"How can she?" he said. "It is years you have had Yoshifuji beside you; but out there, he's only been missing for a few days."

I dropped my ball and it rolled across the floor. "How can that be?"

Brother's sigh was impatient. "When were you out last, Sister?"

"I don't know. Before the boy was born, anyway."

"Why not?" He sounded shocked. "Why aren't you going out? Are you sick? I know you were nursing, but the kit's weaned."

"I like to be here when my husband is around."

"We used to play, Sister, just you and me. Remember? We would run in the woods, and at night we'd hunt mice in the formal garden, and play Pounce In The Shadows. What happened to you?"

"Nothing," I said, but I lied when I said this. So much had happened to me, how could I start?

"Then come outside with me. Now." Brother jumped up and knocked the curtain over. I looked up at him, too shocked to hide my face with my sleeve. He caught my hand, and pulled me to my feet. My son looked up at us; I gestured to his nurse, who picked him up and took him from the room.

"Very well," I said. "We'll be foxes together."

This time, crawling out of my woman's form was excruciating, as if it were my own skin I was pulling off. I hunched over until the sense of loss eased, my brother's muzzle pressed against mine. When I felt a little better, I lifted my head and left the space under the storehouse.

It was early evening: the moon was nearly full, and the stars were washed out with its brightness in the east, and the dying colors in the west. We travelled across the formal garden, moving in the trees' short shadows. When I leapt across the stream, beside the half-moon bridge, I caught a glimpse of my reflection in the moving water, and it startled me enough that I stumbled when I landed and rolled into a ball.

Brother stopped and nosed at me. "What's wrong?" he whispered, but I shook my head, the gesture coming uneasily to my fox's body. I did not tell him that I had seen a woman in my reflection.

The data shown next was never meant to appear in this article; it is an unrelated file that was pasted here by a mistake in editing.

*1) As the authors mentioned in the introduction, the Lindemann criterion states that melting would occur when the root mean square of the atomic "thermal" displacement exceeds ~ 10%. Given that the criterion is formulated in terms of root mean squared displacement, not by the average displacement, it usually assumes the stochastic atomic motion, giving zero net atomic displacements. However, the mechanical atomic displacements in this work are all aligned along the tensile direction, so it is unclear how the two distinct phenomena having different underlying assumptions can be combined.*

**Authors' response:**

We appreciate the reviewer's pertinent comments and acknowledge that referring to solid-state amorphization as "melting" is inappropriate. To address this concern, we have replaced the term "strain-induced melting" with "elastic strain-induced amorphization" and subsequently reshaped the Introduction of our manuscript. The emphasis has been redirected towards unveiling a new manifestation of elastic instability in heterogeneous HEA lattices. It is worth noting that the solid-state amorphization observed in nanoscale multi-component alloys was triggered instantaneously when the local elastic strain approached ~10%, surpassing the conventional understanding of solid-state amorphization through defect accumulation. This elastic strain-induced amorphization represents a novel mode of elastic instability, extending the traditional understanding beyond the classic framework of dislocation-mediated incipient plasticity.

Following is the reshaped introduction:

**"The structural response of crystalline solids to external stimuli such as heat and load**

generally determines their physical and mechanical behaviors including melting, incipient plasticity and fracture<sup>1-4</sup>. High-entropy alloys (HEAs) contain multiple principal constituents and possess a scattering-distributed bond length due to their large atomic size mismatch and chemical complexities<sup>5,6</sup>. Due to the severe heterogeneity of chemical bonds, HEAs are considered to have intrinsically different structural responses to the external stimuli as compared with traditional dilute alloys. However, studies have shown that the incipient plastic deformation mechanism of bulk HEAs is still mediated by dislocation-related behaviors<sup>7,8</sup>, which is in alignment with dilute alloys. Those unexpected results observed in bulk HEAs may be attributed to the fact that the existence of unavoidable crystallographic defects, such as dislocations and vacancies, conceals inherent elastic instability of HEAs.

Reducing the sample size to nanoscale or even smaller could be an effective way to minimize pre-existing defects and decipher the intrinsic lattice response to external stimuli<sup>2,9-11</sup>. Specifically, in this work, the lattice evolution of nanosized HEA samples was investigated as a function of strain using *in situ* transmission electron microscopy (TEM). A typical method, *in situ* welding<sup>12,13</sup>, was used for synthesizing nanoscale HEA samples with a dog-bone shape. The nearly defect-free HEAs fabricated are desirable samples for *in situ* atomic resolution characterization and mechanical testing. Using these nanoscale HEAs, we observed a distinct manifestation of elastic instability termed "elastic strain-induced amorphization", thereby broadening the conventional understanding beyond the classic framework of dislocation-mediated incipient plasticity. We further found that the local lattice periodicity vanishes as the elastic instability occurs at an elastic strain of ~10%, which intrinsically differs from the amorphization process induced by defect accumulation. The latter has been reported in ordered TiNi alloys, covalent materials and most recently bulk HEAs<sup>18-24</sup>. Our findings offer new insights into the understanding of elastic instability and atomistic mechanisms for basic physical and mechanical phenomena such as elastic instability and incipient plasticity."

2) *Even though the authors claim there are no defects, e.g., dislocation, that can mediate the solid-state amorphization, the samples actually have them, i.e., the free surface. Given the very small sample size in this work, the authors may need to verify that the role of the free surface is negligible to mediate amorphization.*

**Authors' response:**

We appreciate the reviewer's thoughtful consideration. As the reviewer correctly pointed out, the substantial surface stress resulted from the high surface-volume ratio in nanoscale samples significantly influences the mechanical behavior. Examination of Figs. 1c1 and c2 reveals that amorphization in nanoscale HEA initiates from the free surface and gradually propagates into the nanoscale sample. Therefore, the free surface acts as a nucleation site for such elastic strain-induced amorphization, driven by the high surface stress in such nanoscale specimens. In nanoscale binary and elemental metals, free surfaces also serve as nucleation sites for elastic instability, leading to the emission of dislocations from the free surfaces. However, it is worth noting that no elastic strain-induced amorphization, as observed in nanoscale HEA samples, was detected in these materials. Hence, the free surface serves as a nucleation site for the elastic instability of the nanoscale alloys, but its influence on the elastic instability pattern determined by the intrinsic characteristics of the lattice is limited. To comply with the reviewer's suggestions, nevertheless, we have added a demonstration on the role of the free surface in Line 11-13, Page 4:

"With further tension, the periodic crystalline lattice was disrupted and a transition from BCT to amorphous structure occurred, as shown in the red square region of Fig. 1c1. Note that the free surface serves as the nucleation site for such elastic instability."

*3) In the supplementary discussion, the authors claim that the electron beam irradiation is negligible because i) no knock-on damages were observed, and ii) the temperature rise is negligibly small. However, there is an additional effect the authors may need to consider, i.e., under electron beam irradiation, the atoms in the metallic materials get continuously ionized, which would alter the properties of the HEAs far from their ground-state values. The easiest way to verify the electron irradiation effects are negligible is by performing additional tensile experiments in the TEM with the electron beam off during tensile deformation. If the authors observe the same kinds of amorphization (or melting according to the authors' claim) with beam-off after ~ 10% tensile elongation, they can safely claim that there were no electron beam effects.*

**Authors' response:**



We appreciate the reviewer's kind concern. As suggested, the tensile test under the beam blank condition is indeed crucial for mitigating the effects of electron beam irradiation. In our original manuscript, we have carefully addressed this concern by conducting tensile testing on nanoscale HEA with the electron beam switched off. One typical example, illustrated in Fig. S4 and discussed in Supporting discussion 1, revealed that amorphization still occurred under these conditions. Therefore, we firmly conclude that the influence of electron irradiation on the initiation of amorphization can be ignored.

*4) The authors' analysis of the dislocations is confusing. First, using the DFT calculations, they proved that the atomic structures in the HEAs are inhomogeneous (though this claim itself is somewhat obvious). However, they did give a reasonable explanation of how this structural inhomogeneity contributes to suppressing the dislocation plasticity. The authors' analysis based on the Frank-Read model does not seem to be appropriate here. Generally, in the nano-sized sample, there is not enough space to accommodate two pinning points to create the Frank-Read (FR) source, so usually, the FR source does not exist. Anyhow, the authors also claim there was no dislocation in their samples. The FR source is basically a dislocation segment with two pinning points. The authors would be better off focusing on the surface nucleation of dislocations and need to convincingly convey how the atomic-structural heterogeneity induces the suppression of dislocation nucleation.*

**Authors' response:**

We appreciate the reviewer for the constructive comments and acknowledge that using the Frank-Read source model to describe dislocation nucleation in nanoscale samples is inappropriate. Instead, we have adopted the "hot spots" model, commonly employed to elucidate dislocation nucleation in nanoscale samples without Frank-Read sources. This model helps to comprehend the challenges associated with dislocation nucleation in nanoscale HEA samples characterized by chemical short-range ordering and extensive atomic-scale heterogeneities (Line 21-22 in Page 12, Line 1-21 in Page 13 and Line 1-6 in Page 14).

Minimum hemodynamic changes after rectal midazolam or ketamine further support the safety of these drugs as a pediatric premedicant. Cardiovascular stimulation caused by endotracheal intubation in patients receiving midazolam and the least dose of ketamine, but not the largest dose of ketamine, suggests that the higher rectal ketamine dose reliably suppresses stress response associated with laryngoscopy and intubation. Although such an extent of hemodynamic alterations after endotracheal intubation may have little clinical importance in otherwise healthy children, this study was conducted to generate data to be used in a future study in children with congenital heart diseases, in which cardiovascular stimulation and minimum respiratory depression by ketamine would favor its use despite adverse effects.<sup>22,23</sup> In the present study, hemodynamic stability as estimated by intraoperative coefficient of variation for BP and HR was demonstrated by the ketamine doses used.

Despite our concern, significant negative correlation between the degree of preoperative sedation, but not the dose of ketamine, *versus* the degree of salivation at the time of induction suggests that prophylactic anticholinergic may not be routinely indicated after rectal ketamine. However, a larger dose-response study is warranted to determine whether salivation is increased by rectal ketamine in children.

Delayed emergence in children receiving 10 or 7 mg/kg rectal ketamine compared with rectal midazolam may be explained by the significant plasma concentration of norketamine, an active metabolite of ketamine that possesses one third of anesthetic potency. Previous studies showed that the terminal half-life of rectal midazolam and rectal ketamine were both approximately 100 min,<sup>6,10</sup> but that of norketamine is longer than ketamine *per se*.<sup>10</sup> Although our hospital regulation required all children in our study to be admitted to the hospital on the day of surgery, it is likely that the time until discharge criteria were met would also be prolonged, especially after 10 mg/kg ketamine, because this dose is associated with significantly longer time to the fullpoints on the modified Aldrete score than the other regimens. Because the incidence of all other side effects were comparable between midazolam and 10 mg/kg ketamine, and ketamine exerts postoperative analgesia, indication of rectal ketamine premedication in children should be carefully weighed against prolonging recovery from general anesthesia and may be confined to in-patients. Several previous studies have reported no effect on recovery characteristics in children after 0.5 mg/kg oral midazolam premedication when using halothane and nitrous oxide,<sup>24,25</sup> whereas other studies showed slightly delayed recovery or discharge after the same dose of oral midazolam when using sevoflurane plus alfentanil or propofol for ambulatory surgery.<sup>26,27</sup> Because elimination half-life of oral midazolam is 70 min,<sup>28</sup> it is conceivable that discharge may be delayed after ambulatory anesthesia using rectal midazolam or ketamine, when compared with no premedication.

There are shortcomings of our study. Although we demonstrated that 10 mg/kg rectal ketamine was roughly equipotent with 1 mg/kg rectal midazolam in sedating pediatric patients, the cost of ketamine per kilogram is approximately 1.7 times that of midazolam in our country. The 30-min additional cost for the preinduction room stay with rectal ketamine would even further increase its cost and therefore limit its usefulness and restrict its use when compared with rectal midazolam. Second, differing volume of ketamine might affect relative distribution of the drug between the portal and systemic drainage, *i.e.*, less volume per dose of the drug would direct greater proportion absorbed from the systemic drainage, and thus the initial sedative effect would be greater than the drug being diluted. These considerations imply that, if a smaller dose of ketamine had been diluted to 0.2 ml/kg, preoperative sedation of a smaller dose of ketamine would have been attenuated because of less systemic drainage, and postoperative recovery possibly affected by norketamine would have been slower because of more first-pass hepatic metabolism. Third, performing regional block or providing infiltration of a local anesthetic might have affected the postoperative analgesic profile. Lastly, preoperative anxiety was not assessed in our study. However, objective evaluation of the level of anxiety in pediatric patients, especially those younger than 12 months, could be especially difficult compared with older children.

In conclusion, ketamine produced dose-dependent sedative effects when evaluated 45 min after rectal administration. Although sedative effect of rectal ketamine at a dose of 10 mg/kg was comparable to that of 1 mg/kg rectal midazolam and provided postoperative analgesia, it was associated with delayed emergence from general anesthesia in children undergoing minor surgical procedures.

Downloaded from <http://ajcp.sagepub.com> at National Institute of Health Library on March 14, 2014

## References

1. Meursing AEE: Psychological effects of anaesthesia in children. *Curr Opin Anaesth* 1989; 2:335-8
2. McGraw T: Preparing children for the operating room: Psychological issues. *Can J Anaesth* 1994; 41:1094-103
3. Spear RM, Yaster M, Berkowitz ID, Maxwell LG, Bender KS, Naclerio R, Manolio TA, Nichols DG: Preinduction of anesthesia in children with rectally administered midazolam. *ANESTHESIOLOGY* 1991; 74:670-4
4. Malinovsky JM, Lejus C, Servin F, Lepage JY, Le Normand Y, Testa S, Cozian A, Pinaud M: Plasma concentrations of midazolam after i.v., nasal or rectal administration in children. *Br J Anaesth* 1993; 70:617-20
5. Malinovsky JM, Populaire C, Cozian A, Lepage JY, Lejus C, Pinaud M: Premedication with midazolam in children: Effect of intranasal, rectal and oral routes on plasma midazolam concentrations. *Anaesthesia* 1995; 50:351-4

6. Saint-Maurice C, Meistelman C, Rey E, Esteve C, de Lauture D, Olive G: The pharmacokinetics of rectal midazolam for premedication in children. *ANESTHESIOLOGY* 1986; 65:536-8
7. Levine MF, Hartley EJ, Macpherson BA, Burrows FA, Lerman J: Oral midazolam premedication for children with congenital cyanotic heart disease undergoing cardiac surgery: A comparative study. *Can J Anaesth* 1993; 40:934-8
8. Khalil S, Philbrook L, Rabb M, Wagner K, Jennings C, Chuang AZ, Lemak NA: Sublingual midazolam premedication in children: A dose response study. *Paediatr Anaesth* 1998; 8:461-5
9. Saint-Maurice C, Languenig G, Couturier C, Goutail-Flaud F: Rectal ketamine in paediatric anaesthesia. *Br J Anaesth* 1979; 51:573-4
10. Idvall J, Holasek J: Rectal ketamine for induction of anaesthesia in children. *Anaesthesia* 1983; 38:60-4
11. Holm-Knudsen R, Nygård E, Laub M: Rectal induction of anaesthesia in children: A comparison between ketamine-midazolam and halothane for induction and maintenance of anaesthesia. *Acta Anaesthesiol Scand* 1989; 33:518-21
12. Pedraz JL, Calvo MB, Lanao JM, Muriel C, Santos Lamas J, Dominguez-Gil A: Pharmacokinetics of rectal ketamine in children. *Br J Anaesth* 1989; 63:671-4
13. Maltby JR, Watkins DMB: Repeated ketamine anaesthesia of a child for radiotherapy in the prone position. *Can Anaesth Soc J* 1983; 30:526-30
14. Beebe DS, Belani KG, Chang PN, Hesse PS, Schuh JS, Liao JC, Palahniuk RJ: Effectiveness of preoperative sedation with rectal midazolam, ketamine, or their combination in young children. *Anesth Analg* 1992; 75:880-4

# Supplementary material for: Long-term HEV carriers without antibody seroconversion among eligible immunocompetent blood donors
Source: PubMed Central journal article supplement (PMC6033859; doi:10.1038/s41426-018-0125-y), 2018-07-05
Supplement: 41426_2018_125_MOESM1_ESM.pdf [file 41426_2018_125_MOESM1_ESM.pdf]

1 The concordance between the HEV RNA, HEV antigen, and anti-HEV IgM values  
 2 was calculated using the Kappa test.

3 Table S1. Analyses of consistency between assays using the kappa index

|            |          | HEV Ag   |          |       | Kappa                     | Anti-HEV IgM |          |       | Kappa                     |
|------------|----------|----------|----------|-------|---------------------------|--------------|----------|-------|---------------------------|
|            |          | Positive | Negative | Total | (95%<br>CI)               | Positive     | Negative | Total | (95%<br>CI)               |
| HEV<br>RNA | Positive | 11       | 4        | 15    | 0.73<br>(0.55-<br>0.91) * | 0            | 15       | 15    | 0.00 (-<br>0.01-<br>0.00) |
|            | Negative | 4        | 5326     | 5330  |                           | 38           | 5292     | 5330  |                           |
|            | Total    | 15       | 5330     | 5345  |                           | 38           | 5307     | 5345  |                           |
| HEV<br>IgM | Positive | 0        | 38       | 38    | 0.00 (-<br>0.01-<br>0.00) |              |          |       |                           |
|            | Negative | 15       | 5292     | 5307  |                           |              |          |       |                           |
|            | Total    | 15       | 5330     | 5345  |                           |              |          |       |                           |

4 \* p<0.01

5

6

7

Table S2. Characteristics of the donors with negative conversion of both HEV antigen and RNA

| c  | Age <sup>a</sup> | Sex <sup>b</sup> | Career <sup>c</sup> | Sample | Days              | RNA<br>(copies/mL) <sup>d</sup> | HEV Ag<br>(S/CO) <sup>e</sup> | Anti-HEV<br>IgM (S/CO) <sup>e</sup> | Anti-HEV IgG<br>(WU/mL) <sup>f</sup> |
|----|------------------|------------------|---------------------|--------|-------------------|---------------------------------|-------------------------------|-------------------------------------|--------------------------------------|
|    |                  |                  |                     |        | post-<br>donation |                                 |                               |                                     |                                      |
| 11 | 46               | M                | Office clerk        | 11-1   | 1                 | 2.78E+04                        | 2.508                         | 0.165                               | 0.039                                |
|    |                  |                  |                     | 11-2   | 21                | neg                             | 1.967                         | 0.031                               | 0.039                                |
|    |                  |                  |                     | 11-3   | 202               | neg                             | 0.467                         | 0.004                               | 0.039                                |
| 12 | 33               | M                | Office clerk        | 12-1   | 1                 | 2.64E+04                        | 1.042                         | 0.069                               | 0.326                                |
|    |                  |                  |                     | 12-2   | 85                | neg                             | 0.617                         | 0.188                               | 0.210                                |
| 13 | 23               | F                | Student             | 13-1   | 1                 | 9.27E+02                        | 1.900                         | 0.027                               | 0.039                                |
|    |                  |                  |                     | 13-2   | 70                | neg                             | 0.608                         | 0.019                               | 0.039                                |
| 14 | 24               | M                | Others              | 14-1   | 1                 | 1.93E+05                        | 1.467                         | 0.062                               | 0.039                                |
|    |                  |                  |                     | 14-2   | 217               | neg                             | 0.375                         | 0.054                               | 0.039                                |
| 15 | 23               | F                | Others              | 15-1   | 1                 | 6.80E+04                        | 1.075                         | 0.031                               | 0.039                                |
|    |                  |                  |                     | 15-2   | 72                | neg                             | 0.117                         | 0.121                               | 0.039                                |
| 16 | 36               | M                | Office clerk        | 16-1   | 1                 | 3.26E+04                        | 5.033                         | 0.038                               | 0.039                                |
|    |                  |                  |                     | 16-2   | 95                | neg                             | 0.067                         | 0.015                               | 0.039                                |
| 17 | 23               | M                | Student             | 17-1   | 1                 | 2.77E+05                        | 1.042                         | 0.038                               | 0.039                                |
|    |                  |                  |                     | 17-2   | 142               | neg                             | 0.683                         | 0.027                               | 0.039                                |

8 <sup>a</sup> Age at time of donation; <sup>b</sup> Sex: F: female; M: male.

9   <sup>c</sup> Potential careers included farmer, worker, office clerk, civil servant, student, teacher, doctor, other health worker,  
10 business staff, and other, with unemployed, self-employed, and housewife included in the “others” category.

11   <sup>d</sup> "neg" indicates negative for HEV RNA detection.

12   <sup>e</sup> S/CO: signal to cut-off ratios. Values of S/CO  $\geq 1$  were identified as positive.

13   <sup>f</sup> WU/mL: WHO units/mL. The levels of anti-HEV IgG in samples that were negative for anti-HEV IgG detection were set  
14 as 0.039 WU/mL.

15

There were already lights in the house: torches set along the verandas, and braziers and lamps in the rooms despite the night's summer heat. Many of the sliding walls were open: I watched moths fly in and die in the house's many flames.

The north suite of rooms, Shikibu's rooms, were dimly lit. I crept up almost to the veranda and looked in. I couldn't see her, but I saw her sleeve, half exposed under her curtain-of-state. A priest knelt in front of the curtain, chanting the sutras. The night's breeze pushed aside one of the curtains; before one of her women could pull it back in place, I saw Shikibu, listless and sad in the gloom.

The house's main rooms were full of light. My husband's other son stood with two older men in travelling clothes. They looked like brothers to Shikibu. They had brought a tree-trunk segment as tall as a man, and they clustered around it, with a Buddhist priest and many servants crowded in the garden watching. Everyone was dressed strangely; in mourning, I realized. It surprised me—no one was dead—until I realized it must be my lord they were mourning. I found that funny, but something hurt quite incredibly in my chest at the thought.